The company continues a good relationship with the church, he said. Many company volunteers are church members. The church’s senior pastor, Rev. Suzanne Webb, sits on the opera company board.

“She good about protecting the relationship between the church and the company,” he said.

The company now pays the church rent, which includes office and storage space for its 1,500 costumes and props.

Those in that first audience of 50 have bragging rights. The company draws twice that many in last minute walk-ins at most performances, he said. Over the years, when permanent seats for the hall sold out for “Carmen,” “Turandot” and “Porgy and Bess,” the company added exactly 50 chairs in open spaces expanding to seating for 675.

In 2011, Union Avenue Opera is taking “another big stretch,” Schoonover said. It will present Jack Hegge’s “Dead Man Walking” based on Sister Helen Prejean’s book about her relationship with death row convict Joseph De Rocher. Sister Helen, a Sister of St. Joseph, was de Rocher's spiritual director as he prepared for his execution at Angola, La. San Francisco Opera commissioned the opera for its 2000 season.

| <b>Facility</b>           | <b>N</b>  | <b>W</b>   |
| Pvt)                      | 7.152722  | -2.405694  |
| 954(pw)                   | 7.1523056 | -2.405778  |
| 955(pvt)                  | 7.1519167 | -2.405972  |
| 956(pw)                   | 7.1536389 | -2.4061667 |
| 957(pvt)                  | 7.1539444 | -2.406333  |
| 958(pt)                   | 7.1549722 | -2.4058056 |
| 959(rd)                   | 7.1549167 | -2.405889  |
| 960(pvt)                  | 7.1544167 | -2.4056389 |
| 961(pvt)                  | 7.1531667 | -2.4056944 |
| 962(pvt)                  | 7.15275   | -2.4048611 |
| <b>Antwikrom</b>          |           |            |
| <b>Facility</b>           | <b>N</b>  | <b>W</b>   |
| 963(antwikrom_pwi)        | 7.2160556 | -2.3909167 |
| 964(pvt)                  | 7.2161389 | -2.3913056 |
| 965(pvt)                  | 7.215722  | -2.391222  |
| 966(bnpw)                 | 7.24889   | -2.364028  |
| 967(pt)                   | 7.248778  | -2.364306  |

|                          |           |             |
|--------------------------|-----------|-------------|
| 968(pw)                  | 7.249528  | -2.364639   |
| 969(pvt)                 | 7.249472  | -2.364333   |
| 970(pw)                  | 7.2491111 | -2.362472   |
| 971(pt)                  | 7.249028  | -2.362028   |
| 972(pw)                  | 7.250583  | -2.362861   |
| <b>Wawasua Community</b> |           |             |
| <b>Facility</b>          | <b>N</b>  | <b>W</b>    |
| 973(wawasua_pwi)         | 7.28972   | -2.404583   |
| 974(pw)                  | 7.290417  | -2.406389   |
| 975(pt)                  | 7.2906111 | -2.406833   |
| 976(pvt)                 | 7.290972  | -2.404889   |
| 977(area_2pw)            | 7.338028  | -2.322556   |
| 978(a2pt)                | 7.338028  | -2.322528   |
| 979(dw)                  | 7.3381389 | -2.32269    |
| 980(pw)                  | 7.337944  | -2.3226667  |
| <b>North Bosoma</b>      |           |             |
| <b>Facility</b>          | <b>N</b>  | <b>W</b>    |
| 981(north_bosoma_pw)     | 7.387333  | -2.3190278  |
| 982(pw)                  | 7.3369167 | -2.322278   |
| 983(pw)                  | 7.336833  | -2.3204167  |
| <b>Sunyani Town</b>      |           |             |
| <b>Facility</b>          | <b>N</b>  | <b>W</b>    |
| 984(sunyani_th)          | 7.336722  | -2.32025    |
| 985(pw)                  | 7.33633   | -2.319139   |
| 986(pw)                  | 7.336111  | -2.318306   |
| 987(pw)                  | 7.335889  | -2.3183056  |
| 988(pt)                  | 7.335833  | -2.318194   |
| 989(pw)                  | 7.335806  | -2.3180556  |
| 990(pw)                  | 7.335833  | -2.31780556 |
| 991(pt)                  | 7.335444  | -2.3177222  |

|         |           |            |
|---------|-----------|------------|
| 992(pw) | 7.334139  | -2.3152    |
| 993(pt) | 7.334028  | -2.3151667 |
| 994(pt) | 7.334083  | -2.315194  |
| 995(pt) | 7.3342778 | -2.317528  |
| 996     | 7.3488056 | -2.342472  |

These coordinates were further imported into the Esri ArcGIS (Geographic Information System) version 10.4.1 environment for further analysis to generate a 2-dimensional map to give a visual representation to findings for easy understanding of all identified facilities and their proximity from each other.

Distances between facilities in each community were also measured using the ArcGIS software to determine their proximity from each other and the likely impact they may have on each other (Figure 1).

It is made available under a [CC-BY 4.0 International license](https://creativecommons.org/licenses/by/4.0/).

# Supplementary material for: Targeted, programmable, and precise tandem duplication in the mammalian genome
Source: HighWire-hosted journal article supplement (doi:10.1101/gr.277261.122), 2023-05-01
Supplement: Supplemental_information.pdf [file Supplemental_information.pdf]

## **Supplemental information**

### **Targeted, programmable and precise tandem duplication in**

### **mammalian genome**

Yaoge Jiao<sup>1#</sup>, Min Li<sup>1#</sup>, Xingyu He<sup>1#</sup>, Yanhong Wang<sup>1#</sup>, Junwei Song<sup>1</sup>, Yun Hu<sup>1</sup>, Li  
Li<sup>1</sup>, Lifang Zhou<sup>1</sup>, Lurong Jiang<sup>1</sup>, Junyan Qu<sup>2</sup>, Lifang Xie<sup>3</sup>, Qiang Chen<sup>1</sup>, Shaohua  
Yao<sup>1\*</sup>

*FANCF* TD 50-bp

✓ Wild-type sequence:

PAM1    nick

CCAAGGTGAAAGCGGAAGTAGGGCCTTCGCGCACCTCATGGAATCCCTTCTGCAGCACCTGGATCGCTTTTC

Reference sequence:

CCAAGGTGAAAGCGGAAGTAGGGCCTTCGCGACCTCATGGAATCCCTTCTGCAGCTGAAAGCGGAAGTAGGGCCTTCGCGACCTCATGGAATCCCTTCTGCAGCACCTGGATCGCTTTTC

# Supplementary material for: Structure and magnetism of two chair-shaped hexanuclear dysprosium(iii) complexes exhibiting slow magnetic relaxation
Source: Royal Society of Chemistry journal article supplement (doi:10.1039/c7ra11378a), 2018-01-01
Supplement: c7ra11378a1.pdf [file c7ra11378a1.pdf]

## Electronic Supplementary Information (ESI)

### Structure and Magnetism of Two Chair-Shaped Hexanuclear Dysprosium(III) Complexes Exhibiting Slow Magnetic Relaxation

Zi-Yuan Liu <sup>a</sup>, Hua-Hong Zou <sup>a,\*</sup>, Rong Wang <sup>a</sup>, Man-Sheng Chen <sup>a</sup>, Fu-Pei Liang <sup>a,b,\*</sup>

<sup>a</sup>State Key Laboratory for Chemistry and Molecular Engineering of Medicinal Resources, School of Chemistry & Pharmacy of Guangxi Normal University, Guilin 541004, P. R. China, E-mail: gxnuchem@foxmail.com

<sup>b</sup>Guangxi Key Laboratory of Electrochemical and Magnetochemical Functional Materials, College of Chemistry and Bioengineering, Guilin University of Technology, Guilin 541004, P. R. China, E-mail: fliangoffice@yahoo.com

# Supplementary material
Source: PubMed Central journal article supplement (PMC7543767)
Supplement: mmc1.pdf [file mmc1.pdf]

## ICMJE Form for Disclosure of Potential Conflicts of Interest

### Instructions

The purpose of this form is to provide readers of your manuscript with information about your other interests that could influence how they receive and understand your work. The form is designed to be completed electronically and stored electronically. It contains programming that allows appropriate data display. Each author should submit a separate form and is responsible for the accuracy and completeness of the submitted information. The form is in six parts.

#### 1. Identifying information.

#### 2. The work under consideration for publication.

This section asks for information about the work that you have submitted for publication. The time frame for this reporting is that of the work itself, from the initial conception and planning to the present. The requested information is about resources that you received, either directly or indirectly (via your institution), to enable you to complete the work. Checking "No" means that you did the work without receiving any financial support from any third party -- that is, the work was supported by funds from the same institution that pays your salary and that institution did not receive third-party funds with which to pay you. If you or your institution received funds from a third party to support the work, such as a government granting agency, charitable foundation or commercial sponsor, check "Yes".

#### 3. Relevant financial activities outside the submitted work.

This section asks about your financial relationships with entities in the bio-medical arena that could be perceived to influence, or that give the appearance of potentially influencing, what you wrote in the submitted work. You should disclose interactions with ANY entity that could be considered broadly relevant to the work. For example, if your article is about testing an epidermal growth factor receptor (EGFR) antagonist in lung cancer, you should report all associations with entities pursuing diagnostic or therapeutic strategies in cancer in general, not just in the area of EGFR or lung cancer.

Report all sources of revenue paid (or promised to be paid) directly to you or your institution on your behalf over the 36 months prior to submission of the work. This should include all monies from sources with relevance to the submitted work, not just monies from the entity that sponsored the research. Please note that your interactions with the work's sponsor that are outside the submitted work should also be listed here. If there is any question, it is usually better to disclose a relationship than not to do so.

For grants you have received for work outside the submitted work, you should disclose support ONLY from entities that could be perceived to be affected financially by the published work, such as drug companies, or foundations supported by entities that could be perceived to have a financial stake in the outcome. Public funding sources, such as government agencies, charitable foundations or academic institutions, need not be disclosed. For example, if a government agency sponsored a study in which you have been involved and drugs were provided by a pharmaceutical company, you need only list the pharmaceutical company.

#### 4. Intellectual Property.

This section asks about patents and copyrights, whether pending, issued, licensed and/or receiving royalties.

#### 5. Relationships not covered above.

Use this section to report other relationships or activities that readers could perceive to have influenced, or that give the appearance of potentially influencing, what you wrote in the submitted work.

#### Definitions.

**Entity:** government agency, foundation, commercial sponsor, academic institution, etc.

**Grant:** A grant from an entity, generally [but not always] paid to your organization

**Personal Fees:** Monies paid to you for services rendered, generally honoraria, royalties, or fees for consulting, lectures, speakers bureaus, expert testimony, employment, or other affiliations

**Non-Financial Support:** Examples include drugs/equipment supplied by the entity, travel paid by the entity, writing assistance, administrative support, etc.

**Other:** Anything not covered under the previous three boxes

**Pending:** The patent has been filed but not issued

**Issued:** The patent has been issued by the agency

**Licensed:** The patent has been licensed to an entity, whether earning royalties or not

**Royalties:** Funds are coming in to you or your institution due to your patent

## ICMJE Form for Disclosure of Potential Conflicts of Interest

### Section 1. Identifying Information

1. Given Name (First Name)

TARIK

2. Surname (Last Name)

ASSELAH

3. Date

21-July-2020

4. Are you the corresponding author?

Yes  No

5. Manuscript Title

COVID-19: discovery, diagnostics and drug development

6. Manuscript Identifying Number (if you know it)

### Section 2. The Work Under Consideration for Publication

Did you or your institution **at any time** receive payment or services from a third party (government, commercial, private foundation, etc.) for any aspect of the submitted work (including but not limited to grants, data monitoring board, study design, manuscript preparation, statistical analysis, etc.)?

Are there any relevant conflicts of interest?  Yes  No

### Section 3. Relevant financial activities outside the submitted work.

Unlike so many contemporary operas, the thoughtful examination of forgiveness and the death penalty has legs. It’s been given by many opera companies over the decade. Schoonover is excited that “Dead Man Walking” will be have a regional premiere. It’s the first time that Union Avenue Opera has put on an opera by a living composer.

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This year any company's “stretching” is with the budget, Schoonover said. Advance ticket sales are down, he said, like so many cultural and entertainment venues. Union Avenue Opera received a federal stimulus grant of $15,000 under the American Recovery and Reinvestment Act that kept it from cutting its year round staff of two during the economic downturn. He grinned with gratefulness as he talked about the company’s loyal orchestra players who have volunteered to play three rehearsals and a late October company gala benefit concert for free.

Music lovers are not surprised that musicians are willing to help out. He has heavy administration duties, but he continues his real love, conducting, and this season conducts “Pirates” and “Queen of Spades.” Schoonover’s hard work and optimism inspire many in the arts community.

“Some people come to St. Louis and complain about what we don’t have,” said accompanist Parkin. “Scott came and started this company and conducts the St. Louis Women’s Chorale.”

Patricia Rice has written about opera and classical music for many years.

Patricia Rice is a freelance writer based in St. Louis who has covered religion for many years. She also writes about cultural issues, including opera.